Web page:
Monster Bites Back, Accuses Beats of Monstrous Scam
It’s a monster movie cliché – near the end, when the monster is “dead,” the dust is settling and the heroes are patting each other on the back, the monster rises from the dead and goes on one more rampage before it expires.
Monster Cable, originator of the Beats headphones, has risen from the dead and filed a lawsuit for hundreds of millions of dollars against its former “partner,” Beats Electronics, its principals and the company that acquired Beats Electronics. Monster alleges that the defendants created a $300 million sham transaction to steal Monster’s intellectual property and disenfranchise Monster before Apple purchased the company for $3.2 billion. (Monster’s Complaint)
As I discussed more fully in a prior post, Monster and Beats entered into a License Agreement in 2008. In 2011, Beats arranged to sell a controlling interest in the company to defendant HTC. As a result of the sale, Beats was able to transfer Monster’s intellectual property and ownership rights to HTC, and Beats was also able to terminate the License Agreement with Monster. In 2012, Beats repurchased the controlling interest of the company from HTC, along with the intellectual property. And in 2014, Beats sold the company to Apple for $3.2 billion. When the sale was announced, Monster’s reaction to missing the big payday was anything but monstrous. Monster’s CEO , Noel Lee said: “We’re very happy they received such a high valuation. And I’m thinking of what that means for Monster’s valuation.” But like the movie cliché, Monster has now risen from the dead and is on the rampage, suing Beats, its principals and HTC.
The primary focus of Monster’s eight causes of action are that Beats and HTC conspired to create a sham sale of the company to HTC, which effectively stripped Monster of its intellectual property and ownership rights. Later, when Beats had terminated its relationship with Monster, Beats bought the company back from HTC. Monster’s complaint alleges:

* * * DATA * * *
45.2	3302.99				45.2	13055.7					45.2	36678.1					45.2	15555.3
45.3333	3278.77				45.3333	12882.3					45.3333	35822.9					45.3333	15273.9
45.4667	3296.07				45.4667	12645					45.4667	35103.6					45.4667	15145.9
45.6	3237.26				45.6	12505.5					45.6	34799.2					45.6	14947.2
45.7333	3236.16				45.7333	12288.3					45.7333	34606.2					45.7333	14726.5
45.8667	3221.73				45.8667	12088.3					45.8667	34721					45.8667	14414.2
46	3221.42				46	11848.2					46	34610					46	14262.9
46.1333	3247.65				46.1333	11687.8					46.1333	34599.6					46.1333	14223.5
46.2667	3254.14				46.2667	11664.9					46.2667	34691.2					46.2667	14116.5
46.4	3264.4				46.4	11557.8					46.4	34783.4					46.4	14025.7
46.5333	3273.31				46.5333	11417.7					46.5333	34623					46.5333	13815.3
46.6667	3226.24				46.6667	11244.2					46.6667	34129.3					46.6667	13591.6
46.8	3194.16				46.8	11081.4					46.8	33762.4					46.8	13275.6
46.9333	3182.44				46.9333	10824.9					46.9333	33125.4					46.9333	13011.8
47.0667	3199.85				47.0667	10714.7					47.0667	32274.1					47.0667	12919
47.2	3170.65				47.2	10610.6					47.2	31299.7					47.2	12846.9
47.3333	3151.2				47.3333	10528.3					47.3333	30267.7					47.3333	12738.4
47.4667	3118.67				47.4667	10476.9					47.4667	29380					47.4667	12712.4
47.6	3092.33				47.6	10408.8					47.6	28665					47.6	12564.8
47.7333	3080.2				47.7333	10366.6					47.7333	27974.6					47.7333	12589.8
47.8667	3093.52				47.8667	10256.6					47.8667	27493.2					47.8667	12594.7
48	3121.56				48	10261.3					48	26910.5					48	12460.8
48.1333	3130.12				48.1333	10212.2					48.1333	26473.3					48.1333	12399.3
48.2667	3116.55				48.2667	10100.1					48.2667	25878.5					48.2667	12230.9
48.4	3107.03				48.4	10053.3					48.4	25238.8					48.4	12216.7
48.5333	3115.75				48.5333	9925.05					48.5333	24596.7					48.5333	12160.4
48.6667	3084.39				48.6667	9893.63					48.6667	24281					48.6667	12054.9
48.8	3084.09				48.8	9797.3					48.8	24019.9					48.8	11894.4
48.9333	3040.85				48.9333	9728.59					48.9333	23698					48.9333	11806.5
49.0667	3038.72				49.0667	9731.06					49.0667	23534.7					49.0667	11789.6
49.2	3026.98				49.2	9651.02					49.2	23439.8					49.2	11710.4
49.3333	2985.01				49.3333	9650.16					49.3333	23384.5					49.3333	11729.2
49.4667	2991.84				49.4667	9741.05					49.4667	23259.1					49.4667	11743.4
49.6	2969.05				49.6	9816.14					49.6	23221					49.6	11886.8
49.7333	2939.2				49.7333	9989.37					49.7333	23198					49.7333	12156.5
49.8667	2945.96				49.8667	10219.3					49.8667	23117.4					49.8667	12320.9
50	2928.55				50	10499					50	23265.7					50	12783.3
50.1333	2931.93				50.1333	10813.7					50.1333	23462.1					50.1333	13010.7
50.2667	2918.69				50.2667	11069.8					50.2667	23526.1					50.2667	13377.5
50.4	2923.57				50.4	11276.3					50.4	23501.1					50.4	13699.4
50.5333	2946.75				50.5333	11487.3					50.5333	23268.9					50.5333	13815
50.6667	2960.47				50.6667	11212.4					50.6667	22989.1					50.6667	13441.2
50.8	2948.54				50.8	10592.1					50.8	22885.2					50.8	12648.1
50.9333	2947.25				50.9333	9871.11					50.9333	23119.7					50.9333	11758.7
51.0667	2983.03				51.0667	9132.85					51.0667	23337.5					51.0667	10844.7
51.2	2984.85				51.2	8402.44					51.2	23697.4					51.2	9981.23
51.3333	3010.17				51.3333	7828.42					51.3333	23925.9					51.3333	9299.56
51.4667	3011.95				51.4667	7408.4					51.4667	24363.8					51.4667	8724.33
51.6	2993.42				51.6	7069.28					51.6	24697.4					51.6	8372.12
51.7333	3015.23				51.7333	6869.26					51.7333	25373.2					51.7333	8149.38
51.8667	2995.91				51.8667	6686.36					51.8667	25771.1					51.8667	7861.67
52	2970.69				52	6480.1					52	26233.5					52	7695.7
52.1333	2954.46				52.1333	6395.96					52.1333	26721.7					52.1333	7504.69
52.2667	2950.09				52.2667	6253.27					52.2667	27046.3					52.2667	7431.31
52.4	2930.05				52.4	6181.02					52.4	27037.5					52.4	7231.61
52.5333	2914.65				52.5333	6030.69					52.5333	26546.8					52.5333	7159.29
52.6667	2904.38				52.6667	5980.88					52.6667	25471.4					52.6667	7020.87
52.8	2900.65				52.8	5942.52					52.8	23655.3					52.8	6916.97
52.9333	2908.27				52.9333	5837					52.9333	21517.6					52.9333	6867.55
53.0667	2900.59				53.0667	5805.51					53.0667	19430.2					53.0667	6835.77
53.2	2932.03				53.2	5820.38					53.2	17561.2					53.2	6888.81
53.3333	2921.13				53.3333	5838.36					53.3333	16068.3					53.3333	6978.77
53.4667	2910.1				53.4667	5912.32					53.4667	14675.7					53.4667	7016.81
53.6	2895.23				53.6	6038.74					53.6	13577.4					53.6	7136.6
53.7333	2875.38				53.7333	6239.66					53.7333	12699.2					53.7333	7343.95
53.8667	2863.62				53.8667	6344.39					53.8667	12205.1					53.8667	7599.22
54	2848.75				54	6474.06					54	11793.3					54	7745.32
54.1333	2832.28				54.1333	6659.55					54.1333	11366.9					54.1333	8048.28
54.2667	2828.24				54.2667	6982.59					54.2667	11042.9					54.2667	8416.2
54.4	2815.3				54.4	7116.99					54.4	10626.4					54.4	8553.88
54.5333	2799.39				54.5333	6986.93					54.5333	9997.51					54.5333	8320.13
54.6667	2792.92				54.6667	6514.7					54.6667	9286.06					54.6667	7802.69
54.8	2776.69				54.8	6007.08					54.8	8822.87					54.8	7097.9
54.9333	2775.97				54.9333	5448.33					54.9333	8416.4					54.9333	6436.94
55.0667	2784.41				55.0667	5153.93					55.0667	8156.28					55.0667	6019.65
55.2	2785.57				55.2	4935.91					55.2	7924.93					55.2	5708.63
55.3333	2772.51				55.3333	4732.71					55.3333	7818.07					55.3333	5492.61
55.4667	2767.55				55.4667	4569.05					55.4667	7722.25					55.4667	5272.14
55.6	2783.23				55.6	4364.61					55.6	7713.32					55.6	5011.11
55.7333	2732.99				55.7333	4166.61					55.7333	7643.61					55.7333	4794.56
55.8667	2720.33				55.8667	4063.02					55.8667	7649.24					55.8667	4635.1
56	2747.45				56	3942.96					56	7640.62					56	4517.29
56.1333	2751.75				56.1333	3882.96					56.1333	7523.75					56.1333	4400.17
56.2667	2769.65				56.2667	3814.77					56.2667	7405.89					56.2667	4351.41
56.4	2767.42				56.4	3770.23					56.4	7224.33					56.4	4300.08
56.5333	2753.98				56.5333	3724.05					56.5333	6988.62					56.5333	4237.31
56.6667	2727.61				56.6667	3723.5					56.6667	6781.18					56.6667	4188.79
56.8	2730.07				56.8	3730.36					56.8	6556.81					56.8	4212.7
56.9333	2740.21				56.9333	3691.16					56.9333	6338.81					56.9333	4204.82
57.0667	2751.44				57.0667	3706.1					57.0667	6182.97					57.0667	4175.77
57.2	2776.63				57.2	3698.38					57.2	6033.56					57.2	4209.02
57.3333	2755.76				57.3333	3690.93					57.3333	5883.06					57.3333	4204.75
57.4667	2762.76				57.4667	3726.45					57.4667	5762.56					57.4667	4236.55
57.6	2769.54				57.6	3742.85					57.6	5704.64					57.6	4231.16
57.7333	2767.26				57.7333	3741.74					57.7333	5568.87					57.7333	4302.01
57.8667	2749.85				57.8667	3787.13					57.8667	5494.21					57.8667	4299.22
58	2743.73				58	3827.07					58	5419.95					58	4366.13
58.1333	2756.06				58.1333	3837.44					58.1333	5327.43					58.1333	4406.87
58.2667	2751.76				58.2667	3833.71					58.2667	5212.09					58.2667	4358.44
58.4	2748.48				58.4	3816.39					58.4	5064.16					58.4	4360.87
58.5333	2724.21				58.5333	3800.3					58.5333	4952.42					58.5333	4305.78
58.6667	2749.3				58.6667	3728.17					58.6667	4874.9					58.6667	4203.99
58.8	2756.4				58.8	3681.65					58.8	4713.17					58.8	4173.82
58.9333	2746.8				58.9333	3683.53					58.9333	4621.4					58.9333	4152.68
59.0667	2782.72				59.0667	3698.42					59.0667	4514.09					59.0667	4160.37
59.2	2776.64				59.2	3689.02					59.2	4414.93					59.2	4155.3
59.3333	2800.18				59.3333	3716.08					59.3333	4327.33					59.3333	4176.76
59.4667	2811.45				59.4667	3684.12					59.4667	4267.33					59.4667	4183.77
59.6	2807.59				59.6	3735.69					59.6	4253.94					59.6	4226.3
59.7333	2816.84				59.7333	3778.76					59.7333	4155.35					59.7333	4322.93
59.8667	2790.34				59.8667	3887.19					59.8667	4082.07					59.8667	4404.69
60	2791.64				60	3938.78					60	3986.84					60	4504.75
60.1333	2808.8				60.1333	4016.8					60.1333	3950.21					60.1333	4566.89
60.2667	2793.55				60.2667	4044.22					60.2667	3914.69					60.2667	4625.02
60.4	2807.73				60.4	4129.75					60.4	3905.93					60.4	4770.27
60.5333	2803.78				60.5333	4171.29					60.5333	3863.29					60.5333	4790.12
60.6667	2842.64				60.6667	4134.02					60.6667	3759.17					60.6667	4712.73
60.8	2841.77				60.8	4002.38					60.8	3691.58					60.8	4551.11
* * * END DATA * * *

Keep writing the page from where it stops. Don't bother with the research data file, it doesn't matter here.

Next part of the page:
The timing of the Beats/HTC transaction that triggered the “Change of Control” provision is significant: it occurred months before the Amended License Agreement was set to expire. If Beats had not exercised the “Change of Control” provision in the Amended License Agreement, the Amended License Agreement would have expired on its own terms and Beats would have lost its ability to assume complete manufacturing, promotion, distribution, and sales of the “Beats By Dr. Dre” product line. (Complaint ¶ 31.)
Monster also alleges that Beats tricked Monster’s CEO into reducing his 5% share of Beats by lying to him about the pending Apple acquisition, which deprived him of more than $100 million.
Monster’s complaint draws a colorful but unflattering picture of two of Beat’s principals:
Dre’s primary contribution was to bless Monster’s headphones when he exclaimed: “That’s the shit!”
[James] Iovine is a respected but ruthless music mogul….
Monster’s complaint does not calculate its damages, but it does allege Lee’s shares were worth more than $100 million and Apple’s purchase for $3.2 billion draws a large target. Monster also seeks punitive damages, which could potentially treble any award.
CLASH OF THE TITANS
Monster has alleged that the HTC transaction was a sham, and Monster’s various claims for fraud, breach of trust, breach of fiduciary duty, etc. all focus on the suspect timing of the controlling interest shell game. Defendants will likely respond that Monster read and signed the License Agreement, and “the deal is the deal.” Under the License Agreement’s terms, Beats was allowed to sell shares, terminate Monster and then buy back shares. This “lawful but awful” defense has a better chance before a judge than a jury, especially a jury in San Mateo, California, Monster’s home town.
As the defendants are reviewing Monster’s complaint, I’m sure they are collecting and pouring through hundreds of thousands of emails among and between Beats and HTC, praying that nobody was stupid enough to create a smoking gun. Any document created during the negotiations leading up to HTC’s purchase of the shares, that discussed Beat’s potential repurchase of the shares, could confirm Monster’s legal theory that, from the start, the HTC purchase was designed as a revolving door scam with the sole purpose of seizing Monster’s technology. As the WikiLeaks, Snowden, and most recently Sony leaks have taught us, anything you write that is incriminating or embarrassing can and will be held against you.